Take the Extra Free Blessing Power Feat. Sajan can get even better at combat! The best way to do that is to check the power feat that allows him to use a second blessing freely. This increases his ability to pump his combat by another 1–8, turning his spectacular combat skill into one that’s largely unbounded. You’re now up to 7–40 + card level for a low-level character if you temporarily expend three blessings! (The other option is to change Sajan’s combat ability from +1d6 to +1d10; it’s nice to be able to do that without temporarily expending a card, but it’s only an average increase of +2 to the roll, as opposed to +4.5. Mind you, it’s still a good second choice, and maybe sooner if you’re having problems with monsters that require Magic skills to be killed.)
Become the Villain Killer. By now, you’re playing Sajan like a combat machine. That should make him a prime choice for taking out your villains, henchmen, or other difficult monsters. Send him over when a location deck is getting low, and make sure he has a handful of blessings.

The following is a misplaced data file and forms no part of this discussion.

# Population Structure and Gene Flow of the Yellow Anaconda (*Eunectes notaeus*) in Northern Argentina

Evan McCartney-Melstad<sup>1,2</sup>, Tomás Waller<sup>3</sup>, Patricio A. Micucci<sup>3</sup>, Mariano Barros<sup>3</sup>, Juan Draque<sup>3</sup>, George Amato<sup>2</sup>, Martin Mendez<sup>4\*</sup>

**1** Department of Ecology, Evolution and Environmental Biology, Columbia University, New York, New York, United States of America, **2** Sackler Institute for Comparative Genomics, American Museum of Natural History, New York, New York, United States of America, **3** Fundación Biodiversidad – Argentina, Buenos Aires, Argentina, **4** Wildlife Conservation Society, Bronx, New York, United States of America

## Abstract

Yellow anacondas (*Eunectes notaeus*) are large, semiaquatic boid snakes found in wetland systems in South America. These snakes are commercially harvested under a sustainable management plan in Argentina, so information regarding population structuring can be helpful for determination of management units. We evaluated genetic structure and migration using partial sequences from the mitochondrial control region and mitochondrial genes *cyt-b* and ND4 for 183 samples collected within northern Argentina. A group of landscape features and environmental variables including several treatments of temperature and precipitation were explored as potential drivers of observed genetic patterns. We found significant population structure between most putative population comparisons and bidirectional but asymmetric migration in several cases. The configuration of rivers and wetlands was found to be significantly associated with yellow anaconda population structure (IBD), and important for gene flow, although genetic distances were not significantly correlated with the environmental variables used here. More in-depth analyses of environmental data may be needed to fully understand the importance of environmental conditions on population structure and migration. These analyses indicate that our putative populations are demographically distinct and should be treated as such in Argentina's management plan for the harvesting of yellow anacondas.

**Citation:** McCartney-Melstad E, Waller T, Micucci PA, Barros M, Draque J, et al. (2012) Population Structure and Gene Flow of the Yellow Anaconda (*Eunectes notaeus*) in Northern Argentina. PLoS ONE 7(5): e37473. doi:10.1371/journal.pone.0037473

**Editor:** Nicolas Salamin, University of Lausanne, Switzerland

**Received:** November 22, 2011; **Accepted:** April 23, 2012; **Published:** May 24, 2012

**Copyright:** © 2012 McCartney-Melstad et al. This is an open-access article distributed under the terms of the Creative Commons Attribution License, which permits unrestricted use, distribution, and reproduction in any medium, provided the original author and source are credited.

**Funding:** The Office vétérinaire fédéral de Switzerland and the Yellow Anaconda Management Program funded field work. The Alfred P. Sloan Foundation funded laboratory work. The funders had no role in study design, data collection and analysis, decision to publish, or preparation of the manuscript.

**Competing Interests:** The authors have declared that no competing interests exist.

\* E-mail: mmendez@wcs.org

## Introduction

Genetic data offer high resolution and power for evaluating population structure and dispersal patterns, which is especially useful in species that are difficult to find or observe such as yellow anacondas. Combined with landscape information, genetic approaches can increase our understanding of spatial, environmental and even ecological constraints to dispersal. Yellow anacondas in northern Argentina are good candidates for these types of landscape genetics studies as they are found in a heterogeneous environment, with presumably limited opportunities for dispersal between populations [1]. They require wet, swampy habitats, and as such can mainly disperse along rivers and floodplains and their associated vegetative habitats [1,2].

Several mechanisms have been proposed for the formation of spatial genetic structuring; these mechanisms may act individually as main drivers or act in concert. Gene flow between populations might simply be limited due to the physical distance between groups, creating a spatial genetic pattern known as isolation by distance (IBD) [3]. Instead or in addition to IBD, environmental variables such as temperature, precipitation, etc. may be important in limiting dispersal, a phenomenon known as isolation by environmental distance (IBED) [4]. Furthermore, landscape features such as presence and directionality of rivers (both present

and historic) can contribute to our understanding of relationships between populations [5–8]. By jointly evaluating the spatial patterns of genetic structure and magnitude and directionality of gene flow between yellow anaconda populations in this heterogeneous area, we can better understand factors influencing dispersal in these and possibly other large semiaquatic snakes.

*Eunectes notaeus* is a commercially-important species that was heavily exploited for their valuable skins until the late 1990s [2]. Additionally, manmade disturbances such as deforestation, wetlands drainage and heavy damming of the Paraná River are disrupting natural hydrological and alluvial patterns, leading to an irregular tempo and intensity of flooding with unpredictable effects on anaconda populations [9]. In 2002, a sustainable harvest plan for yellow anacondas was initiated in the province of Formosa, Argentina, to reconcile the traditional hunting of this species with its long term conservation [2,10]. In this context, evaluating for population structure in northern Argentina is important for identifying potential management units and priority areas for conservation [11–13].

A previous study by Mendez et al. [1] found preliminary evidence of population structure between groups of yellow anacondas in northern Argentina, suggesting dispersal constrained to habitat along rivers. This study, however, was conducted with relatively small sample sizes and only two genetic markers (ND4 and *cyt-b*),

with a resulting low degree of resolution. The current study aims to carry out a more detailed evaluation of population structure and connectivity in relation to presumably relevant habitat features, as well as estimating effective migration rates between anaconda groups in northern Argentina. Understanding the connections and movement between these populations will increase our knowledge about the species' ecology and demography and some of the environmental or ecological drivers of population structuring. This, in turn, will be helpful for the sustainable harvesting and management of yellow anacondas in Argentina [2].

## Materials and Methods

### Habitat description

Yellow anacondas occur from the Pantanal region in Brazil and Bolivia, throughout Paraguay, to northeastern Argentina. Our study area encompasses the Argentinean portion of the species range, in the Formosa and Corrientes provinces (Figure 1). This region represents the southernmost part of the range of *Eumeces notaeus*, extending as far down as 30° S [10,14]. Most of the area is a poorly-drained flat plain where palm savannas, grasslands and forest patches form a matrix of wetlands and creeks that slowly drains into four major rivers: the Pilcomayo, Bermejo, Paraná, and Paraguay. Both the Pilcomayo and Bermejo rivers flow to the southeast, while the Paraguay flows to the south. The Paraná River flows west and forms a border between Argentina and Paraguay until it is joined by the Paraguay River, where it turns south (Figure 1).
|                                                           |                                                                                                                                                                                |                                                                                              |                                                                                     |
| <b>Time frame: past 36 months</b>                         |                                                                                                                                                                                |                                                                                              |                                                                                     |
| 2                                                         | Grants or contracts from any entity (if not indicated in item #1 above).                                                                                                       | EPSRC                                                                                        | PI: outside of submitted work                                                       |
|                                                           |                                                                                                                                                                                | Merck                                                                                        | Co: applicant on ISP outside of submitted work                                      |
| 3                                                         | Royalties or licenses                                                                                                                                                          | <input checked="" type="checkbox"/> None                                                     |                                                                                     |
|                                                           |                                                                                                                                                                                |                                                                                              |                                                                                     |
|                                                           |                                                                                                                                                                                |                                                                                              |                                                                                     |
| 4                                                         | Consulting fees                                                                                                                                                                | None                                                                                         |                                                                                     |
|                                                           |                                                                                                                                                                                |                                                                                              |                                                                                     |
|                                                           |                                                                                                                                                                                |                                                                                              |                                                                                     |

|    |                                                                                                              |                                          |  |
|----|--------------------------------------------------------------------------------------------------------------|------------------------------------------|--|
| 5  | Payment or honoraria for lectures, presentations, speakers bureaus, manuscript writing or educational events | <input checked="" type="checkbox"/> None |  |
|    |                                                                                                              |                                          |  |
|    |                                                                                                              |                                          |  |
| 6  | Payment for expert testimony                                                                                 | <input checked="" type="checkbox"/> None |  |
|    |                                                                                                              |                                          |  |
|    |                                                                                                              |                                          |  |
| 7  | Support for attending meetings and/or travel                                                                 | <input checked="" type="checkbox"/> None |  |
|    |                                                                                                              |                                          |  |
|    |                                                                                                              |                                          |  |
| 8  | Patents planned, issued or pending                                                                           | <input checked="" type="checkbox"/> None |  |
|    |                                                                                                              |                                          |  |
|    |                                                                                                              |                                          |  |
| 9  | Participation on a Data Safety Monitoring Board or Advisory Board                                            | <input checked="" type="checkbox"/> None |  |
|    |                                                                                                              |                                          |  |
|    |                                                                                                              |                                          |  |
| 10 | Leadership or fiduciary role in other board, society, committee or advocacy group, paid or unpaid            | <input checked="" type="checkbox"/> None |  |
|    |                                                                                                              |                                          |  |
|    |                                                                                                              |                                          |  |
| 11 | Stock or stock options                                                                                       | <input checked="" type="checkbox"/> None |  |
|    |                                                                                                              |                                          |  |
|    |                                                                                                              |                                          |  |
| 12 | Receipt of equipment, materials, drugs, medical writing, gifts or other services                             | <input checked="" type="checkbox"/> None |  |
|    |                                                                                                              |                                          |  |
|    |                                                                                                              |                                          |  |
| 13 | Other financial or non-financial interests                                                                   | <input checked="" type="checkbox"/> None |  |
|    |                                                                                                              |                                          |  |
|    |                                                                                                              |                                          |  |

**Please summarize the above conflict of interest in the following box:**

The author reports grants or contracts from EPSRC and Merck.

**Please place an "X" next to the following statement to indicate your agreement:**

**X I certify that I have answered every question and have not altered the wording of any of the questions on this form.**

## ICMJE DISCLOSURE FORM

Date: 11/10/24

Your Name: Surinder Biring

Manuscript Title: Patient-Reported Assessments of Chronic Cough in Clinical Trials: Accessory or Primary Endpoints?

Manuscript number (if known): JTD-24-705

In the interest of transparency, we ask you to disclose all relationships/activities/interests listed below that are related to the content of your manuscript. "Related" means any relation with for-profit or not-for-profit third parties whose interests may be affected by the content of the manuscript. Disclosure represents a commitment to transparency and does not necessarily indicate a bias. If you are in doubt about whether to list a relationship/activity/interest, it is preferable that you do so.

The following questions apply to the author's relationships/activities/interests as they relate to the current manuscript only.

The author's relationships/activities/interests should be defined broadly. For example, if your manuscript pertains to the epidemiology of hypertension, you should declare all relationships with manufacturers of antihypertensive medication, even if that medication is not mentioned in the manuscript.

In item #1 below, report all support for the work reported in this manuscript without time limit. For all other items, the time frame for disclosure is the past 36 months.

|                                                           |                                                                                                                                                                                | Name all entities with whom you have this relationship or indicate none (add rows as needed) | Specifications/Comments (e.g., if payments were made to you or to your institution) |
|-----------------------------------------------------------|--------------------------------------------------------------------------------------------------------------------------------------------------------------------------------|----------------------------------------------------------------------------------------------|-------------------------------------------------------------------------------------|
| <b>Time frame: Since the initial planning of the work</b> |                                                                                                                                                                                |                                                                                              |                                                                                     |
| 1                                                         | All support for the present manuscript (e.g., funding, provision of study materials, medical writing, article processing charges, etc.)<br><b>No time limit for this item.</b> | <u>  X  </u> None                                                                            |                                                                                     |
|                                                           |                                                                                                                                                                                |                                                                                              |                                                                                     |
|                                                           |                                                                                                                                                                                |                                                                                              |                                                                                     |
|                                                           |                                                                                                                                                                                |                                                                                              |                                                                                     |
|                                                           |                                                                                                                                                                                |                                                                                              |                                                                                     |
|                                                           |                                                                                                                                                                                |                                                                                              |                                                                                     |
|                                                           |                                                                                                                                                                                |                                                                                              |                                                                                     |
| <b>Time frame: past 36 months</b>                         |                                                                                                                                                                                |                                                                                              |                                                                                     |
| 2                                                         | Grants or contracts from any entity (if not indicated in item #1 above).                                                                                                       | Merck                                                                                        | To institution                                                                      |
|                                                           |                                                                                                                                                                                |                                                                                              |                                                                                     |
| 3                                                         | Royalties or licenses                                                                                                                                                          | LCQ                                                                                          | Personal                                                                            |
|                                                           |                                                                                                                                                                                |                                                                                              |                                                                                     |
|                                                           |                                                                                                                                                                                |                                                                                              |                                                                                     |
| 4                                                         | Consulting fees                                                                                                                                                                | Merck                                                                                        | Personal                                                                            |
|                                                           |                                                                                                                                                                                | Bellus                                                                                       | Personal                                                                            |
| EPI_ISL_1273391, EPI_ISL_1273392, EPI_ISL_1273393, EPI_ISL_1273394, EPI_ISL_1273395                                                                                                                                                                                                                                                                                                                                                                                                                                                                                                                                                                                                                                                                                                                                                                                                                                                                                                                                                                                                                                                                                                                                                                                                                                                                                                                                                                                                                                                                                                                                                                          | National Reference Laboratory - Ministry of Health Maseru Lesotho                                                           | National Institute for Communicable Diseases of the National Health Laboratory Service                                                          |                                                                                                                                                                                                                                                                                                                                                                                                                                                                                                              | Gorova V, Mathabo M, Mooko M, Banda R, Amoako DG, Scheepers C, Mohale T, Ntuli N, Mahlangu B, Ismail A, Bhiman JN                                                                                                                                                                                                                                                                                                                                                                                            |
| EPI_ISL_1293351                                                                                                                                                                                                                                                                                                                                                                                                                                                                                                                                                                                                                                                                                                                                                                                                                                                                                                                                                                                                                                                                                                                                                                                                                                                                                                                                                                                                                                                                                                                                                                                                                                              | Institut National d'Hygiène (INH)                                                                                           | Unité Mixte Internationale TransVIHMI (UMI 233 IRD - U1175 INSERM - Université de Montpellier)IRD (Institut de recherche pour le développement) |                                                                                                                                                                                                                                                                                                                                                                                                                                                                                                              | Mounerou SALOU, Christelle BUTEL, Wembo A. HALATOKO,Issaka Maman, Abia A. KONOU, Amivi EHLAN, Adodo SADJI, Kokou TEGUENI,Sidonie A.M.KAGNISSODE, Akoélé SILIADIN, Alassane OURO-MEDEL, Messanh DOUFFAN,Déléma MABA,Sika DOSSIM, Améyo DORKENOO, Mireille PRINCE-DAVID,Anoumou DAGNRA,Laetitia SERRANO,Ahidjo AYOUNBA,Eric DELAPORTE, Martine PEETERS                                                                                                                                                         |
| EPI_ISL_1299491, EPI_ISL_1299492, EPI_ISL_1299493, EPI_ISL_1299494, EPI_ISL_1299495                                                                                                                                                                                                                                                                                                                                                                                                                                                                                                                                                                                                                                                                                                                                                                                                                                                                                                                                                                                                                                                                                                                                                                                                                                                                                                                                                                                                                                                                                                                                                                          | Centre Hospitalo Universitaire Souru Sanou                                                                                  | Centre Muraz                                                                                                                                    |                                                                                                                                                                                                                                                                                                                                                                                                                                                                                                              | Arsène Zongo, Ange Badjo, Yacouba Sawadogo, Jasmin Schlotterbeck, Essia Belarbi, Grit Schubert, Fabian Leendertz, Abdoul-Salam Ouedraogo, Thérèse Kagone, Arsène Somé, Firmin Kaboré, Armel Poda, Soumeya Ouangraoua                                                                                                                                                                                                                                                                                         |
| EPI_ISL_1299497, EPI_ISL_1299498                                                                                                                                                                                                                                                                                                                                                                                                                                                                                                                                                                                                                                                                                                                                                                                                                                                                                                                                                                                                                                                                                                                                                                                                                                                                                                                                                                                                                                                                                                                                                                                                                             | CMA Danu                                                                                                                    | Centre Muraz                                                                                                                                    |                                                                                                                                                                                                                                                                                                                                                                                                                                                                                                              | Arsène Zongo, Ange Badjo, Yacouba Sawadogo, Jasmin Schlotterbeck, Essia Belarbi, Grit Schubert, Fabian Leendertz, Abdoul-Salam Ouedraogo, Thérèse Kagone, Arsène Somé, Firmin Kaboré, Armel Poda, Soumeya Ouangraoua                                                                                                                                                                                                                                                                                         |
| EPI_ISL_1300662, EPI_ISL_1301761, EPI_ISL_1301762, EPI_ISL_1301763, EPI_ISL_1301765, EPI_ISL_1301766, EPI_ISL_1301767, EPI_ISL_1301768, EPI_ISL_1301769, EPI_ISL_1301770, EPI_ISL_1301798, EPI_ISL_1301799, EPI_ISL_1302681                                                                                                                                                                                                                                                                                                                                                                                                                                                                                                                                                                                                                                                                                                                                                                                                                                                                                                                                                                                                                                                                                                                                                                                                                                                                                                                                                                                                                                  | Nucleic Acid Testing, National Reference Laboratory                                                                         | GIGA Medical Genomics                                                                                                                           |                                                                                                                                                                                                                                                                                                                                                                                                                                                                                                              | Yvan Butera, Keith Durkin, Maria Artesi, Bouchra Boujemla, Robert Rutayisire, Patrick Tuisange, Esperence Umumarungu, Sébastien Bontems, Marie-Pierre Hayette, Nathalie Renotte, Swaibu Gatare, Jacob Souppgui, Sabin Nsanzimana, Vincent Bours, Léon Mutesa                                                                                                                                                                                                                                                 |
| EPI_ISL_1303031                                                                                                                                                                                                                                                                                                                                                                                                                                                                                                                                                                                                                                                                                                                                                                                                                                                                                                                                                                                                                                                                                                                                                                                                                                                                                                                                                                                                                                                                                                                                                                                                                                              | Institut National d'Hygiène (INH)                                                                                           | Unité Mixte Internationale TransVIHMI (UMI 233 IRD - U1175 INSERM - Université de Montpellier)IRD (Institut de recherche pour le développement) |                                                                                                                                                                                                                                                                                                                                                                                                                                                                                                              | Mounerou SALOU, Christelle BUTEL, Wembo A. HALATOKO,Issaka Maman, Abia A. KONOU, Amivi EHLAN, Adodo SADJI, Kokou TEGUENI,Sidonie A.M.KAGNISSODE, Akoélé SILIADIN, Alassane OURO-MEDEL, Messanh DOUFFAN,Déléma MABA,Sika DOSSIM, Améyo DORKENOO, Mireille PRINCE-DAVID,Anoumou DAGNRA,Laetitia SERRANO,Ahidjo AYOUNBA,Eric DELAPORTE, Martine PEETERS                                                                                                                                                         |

The Sajan Roles
Though there are a variety of differences between Sajan’s two roles, the Exiled Padaprajna is generally better if you want to play Sajan as a weapons fighter and the Iroran Dedicant if you want to play him as an unarmed fighter. The latter plays more naturally to Sajan’s strengths.
Exiled Padaprajna. This is the “weapons master” role for Sajan. It gives him better Melee and/or Ranged skills along with proficiencies. It’s not strictly necessary, but you might choose it if there’s no melee or ranged weapon fighter in your party, and thus those cards would otherwise go to waste. This role also makes Sajan a bit more cooperative (since other players can bless him without cost and he can offer them damage reduction); and more protected (since he can avoid losing his cards to damage). Thus, you might also choose this role if complementary opportunities for cooperation are being wasted or if Sajan is getting hurt too much.
Iroran Dedicant. This is the “martial artist” role for Sajan. It can make him considerably better at unarmed combat by adding an extra +1d4, by allowing rerolls of 1s or even 2s, and by adding bonuses if multiple dice come up the same (something that becomes more likely as Sajan adds more blessing dice). If you improve Sajan’s combat with the four basic dice changes, he now rolls a base of 1d8+2+1d10 + card level + 1d4 and rerolls 1s and 2s. That alone makes his basic combat range 11–24 + card level (an average of 17.5 + card level), which is quite high, and doesn’t even count his ability to add 1–3 blessings. Mind you, this role doesn’t make Sajan any more cooperative and doesn’t make his gameplay any more varied.
PACG Core Set Class Strategy #1: Sajan the Monk
Friday, October 11, 2019